The plant that formed the blanket bogs of the Peak District is being reintroduced on a scale never seen before in the UK.
Used in the First World War as a wound dressing due to its antiseptic properties, Sphagnum moss will help heal the scars on the landscape caused by erosion and pollution from the Industrial Revolution that has left bare peat exposed.
The team at the Moors for the Future Partnership is at the forefront of the development of innovative ways to reintroduce Sphagnum in this often hostile environment.
Over the next four years Sphagnum moss will be reintroduced to over 1700 hectares of the Peak District National Park and South Pennines with around 1.7 million plug plants and clumps of this peat-forming moss set to be planted.
The £1.25 million investment is funded from various sources including Natural England and the EU LIFE programme through the partnership’s MoorLIFE 2020 project.
Matt Buckler, Programme Manager for Conservation and Land Management at the Moors for the Future Partnership, said: “Reintroducing Sphagnum moss is a critical part of our work to conserve and protect active blanket bog and rewet the moors.
“Sphagnum mosses are amazing plants that are able to hold between ten and 20 times their weight in water. These tiny plants play a major role in keeping water on the hills for longer, reducing the risk of wildfires and of flooding downstream.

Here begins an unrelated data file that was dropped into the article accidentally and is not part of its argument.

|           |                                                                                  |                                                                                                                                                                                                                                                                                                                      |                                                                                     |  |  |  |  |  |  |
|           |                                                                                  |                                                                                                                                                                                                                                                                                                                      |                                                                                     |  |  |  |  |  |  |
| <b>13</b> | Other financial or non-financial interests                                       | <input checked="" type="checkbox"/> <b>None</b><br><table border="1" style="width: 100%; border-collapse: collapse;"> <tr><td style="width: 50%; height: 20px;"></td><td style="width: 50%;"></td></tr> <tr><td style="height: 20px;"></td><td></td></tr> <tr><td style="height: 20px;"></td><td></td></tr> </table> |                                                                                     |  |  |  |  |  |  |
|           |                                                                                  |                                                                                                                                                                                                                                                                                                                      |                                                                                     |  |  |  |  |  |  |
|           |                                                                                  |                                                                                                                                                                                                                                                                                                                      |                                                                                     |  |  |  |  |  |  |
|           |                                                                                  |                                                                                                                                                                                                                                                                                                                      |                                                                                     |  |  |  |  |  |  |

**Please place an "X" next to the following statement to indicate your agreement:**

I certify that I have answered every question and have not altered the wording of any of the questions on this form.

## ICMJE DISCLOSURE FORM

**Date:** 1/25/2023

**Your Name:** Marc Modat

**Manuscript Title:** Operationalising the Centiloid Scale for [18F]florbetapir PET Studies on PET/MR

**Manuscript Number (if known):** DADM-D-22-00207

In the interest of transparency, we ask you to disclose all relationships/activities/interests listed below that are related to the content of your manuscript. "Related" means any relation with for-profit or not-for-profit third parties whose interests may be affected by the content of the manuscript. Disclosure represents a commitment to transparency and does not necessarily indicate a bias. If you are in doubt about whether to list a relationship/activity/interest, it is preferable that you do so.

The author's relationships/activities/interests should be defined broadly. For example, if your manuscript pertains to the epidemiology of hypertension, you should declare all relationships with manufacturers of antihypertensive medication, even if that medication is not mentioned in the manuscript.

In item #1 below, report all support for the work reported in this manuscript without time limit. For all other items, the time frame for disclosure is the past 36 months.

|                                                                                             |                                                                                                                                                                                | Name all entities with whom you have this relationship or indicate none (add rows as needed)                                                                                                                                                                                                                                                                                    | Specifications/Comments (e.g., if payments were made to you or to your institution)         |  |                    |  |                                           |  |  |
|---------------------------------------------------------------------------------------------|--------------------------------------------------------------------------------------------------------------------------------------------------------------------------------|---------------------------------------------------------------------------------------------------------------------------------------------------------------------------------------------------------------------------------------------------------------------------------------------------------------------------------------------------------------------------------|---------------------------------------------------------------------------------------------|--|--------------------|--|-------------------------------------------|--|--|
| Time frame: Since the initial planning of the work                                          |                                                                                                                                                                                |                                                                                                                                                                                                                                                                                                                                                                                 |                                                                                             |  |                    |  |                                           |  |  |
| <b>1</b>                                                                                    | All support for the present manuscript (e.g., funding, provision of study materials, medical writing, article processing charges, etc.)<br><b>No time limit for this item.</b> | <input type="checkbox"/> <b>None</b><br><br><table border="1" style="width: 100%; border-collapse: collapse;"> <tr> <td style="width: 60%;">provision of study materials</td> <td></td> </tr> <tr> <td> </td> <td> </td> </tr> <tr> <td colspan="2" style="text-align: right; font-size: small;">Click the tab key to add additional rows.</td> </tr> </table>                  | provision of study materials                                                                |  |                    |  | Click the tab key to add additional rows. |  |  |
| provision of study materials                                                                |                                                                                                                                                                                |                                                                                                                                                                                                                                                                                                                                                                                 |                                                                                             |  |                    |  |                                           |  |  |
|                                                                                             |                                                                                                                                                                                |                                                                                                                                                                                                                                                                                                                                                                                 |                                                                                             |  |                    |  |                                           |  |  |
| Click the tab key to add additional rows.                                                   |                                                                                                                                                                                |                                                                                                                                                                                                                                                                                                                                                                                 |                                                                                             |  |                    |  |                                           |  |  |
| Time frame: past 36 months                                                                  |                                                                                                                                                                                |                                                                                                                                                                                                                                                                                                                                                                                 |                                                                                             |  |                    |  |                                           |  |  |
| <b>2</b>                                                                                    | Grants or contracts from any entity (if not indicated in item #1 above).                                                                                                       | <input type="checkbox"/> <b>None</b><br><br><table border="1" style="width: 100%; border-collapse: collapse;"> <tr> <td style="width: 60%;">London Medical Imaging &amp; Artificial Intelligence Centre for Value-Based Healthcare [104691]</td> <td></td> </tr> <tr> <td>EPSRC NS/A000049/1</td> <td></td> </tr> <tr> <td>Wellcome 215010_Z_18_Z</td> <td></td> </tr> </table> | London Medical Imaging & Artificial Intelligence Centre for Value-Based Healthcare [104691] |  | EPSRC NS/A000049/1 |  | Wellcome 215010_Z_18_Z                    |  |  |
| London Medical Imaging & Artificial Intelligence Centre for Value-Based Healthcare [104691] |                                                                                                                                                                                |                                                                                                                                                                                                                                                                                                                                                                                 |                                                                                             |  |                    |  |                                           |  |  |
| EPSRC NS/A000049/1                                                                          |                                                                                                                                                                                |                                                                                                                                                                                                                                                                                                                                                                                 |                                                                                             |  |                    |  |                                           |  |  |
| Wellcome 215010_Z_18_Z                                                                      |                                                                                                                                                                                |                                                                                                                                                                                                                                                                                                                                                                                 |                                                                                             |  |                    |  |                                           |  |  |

“Their action in slowing down the flow of water reduces the erosion of peat which is a vital contribution to climate change targets, as there is a huge amount of carbon stored in the peat soils of the UK. The plants act as a filter; cleaning the water before it gets into reservoirs and saving on costs of water treatment.”
Dave O’Hara, Senior Site Manager from RSPB’s Dove Stone reserve, said: “We’re delighted to be working as part of the Moors for the Future Partnership to complete these vital works.
“Partnership work is fundamental in helping to make a difference to our threatened peatland landscapes.
“There is good evidence that blanket bog restoration can help to conserve upland breeding bird populations, and we want to do all we can to fulfil the RSPB’s overarching goal to save threatened birds and wildlife across the UK.”
Sphagnum shapes the bulk of the blanket peat in the uplands of the UK, forming well known landscapes such as Kinder Scout and Black Hill, with peat being slowly laid down over thousands of years.
Once plentiful, vast areas of the moss were killed off by industrial pollution but improvements in air quality mean that it can grow again. This will allow carbon to be taken out of the atmosphere and stored indefinitely in new peat, a process called sequestration, which will help in the battle against climate change.
Ground-breaking research has already led to the development of new ways to introduce Sphagnum moss in the form of beads, slime and plug plants with on-going monitoring to assess its effectiveness.
A new cutter to help harvest Sphagnum from donor sites where the moss is still plentiful is currently being developed.
The public can also play their part by working with Moors for the Future to help monitor changes in the amount of Sphagnum there is, and the types of places it is growing.
By carrying out this crucial citizen science role, collecting data which will feed into the Big Moss Map, they are helping scientists and conservationists in their efforts to conserve the blanket bog habitat.
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